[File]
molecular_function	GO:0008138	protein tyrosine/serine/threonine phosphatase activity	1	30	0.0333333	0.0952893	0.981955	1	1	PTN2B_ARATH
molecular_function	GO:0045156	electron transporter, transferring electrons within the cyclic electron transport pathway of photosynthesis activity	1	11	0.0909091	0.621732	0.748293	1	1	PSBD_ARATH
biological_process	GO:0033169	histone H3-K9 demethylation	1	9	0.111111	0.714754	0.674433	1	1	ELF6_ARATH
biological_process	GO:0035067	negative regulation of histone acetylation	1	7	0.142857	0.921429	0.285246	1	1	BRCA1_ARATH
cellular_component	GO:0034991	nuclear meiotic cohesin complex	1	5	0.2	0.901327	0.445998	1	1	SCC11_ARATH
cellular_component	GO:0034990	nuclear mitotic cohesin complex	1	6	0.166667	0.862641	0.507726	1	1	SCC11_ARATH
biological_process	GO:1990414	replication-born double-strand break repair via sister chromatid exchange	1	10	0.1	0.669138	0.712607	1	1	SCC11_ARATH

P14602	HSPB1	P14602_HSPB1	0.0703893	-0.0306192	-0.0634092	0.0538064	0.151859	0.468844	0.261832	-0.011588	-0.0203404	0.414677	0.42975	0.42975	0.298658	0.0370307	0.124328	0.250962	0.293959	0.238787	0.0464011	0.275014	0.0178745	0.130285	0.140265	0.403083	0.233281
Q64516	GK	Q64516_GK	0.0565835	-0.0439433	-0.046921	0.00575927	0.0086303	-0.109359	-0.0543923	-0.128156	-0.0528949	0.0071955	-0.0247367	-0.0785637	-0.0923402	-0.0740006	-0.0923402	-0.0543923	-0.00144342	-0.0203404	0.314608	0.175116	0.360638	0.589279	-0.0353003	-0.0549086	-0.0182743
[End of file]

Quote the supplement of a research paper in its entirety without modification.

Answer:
molecular_function	GO:0008138	protein tyrosine/serine/threonine phosphatase activity	1	30	0.0333333	0.0952893	0.981955	1	1	PTN2B_ARATH
molecular_function	GO:0045156	electron transporter, transferring electrons within the cyclic electron transport pathway of photosynthesis activity	1	11	0.0909091	0.621732	0.748293	1	1	PSBD_ARATH
biological_process	GO:0033169	histone H3-K9 demethylation	1	9	0.111111	0.714754	0.674433	1	1	ELF6_ARATH
biological_process	GO:0035067	negative regulation of histone acetylation	1	7	0.142857	0.921429	0.285246	1	1	BRCA1_ARATH
cellular_component	GO:0034991	nuclear meiotic cohesin complex	1	5	0.2	0.901327	0.445998	1	1	SCC11_ARATH
cellular_component	GO:0034990	nuclear mitotic cohesin complex	1	6	0.166667	0.862641	0.507726	1	1	SCC11_ARATH
biological_process	GO:1990414	replication-born double-strand break repair via sister chromatid exchange	1	10	0.1	0.669138	0.712607	1	1	SCC11_ARATH

P14602	HSPB1	P14602_HSPB1	0.0703893	-0.0306192	-0.0634092	0.0538064	0.151859	0.468844	0.261832	-0.011588	-0.0203404	0.414677	0.42975	0.42975	0.298658	0.0370307	0.124328	0.250962	0.293959	0.238787	0.0464011	0.275014	0.0178745	0.130285	0.140265	0.403083	0.233281
Q64516	GK	Q64516_GK	0.0565835	-0.0439433	-0.046921	0.00575927	0.0086303	-0.109359	-0.0543923	-0.128156	-0.0528949	0.0071955	-0.0247367	-0.0785637	-0.0923402	-0.0740006	-0.0923402	-0.0543923	-0.00144342	-0.0203404	0.314608	0.175116	0.360638	0.589279	-0.0353003	-0.0549086	-0.0182743